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Sudan’s Transition Hasn’t Ended Abuses in Darfur

Leaders Should Hold Abusive Officials, Forces to Account

Rapid Support Forces upload disarmed weapons for display during Sudanese President Omar al-Bashir visit to the war-torn Darfur region at Rapid Support Forces Headquarter in Umm Al-Qura, Darfur, Sudan September 23, 2017. REUTERS/Mohamed Nureldin Abdallah

Since Omar al-Bashir was ousted as Sudan’s president on April 11, thousands of protesters have continued to hold vigil at the military headquarters in Khartoum. And the transitional military council that now rules the country has been negotiating with political opposition groups to form a civilian-led sovereignty council. By most accounts, government security forces have treated the protesters fairly, a welcome respite after violent crackdowns over the last few months that resulted in over 100 deaths and hundreds of injuries.  

But this hasn’t been the case in Sudan’s restive Darfur region. On May 4, residents of the Otash displaced person’s camp joined protests in Nyala, the capital of South Darfur. Government forces, which according to witnesses included the Rapid Support Forces (RSF), a paramilitary group responsible for grave crimes in Darfur, Southern Kordofan, and Blue Nile over the past five years, tried to disperse the protesters by beating and shooting live bullets and teargas at them, reportedly killing an 18-year old and injuring others in the process. Days earlier, media reported RSF soldiers used violence to break up protests in Zalingei, Central Darfur.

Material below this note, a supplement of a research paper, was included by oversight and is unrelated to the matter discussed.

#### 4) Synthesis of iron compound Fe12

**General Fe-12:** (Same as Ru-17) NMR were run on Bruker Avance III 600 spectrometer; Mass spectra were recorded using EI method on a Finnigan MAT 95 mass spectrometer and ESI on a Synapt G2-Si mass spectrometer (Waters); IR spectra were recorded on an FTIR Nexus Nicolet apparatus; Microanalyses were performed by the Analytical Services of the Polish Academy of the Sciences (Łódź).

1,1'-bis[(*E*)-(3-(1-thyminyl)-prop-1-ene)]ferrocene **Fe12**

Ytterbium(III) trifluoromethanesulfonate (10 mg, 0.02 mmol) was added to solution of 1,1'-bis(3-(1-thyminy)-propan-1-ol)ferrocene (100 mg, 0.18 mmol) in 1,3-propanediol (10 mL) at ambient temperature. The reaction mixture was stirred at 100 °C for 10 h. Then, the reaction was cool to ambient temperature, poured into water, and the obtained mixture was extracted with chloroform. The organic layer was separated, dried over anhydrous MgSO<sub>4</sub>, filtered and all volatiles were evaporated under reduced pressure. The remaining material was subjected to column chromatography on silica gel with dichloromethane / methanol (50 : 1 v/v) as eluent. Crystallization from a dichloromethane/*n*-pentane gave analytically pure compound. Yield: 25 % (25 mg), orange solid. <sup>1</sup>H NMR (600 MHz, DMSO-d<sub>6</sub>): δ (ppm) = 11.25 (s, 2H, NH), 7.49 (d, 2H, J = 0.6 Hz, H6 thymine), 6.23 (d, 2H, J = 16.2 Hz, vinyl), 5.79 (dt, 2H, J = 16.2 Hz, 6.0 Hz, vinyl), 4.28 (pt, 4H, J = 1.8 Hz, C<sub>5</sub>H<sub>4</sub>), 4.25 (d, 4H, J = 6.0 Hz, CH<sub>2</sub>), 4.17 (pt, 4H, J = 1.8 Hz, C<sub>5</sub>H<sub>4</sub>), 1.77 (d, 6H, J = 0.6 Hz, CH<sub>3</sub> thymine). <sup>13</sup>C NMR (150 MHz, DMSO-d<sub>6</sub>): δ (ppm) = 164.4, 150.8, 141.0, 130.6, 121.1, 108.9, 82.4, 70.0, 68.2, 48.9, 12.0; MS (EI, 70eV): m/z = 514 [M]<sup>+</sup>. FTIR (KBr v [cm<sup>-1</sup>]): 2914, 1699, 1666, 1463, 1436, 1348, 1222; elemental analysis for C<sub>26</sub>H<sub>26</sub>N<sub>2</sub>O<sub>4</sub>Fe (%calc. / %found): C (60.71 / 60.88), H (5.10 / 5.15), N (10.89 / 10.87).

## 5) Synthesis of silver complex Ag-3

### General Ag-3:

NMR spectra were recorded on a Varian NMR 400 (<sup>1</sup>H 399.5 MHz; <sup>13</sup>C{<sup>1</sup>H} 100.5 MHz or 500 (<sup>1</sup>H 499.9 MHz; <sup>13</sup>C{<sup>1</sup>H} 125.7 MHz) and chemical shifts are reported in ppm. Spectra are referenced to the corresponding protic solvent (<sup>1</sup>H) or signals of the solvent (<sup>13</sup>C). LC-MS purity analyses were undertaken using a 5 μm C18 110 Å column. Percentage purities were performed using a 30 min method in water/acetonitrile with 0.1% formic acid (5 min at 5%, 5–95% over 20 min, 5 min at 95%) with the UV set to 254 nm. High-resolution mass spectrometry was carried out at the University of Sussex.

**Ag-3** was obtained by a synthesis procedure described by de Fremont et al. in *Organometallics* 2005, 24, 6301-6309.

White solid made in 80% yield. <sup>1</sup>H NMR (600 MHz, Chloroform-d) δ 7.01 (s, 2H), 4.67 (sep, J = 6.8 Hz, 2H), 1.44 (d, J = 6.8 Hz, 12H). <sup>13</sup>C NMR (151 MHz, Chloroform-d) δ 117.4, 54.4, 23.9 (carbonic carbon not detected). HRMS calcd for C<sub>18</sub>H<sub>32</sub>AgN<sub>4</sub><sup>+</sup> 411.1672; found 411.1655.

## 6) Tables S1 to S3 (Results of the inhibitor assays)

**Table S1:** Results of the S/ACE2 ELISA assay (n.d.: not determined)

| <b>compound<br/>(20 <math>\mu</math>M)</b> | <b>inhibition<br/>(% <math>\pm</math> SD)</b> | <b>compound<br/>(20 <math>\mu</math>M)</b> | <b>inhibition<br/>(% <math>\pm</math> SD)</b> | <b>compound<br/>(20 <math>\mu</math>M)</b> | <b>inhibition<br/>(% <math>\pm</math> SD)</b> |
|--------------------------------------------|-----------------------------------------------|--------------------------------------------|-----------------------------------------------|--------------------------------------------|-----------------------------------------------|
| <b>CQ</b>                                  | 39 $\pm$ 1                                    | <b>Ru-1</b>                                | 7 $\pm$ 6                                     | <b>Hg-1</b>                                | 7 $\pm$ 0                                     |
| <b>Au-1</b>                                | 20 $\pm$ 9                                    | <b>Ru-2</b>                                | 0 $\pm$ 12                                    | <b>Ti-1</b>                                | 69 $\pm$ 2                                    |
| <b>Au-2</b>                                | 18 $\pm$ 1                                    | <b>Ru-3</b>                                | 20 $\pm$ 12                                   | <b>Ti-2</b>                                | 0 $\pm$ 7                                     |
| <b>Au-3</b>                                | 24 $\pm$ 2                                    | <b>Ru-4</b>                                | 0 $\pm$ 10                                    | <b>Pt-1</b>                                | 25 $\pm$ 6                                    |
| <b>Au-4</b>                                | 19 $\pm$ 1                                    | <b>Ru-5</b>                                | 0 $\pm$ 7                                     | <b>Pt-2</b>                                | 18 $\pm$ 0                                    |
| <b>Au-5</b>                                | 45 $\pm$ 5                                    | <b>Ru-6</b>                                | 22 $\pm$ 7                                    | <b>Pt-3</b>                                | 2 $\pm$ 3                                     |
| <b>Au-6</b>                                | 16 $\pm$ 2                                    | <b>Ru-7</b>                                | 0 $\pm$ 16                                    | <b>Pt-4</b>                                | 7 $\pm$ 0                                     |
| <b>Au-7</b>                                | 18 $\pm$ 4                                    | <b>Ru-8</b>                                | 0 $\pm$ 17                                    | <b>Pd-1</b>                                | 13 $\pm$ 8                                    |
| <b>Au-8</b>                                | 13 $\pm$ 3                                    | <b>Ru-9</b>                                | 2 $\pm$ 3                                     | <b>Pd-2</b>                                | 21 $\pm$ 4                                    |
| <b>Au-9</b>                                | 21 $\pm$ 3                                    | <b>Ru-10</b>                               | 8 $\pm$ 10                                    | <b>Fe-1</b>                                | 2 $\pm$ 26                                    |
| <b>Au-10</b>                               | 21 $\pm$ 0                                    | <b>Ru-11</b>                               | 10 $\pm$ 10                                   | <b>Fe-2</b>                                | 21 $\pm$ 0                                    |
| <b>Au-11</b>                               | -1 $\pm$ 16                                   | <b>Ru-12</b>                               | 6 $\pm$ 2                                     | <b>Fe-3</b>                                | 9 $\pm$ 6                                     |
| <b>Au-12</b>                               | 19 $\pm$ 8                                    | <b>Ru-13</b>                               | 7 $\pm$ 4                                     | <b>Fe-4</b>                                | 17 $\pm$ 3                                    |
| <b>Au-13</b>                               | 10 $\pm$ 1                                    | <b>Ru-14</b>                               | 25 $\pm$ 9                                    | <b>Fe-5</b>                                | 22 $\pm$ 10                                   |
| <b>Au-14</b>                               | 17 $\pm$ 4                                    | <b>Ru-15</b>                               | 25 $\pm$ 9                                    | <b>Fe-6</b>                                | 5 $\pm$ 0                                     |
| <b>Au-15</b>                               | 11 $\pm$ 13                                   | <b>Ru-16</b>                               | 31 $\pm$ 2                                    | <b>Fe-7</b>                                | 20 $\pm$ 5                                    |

The RSF are still being implicated in crimes against civilians in Darfur, even as their commander, Mohamed Hamdan “Hemeti,” is now deputy head of the transitional military council. But the crackdown in Nyala exposes the grim reality that civilians in Darfur still face violence and abuse more than elsewhere, and often out of public view. As one young man who witnessed protesters being dispersed told us: “The security forces always treat us [in Darfur] differently.”

Darfur’s legacy of conflict includes decades of government scorched-earth tactics, pushing millions of people out of their villages, burning large swathes of land, and killing hundreds of thousands of civilians. The crimes were so grave the International Criminal Court brought charges against then-president al-Bashir for genocide, crimes against humanity, and war crimes. But various reports show government forces continue to commit atrocities against villagers, especially in the Jebal Mara area.

Sudan’s leaders should not just end these abuses but take steps toward justice. They should cooperate with the International Criminal Court by handing al-Bashir over, and ensure credible, independent investigations into recent and past crimes by all forces, including Hemeti’s RSF.

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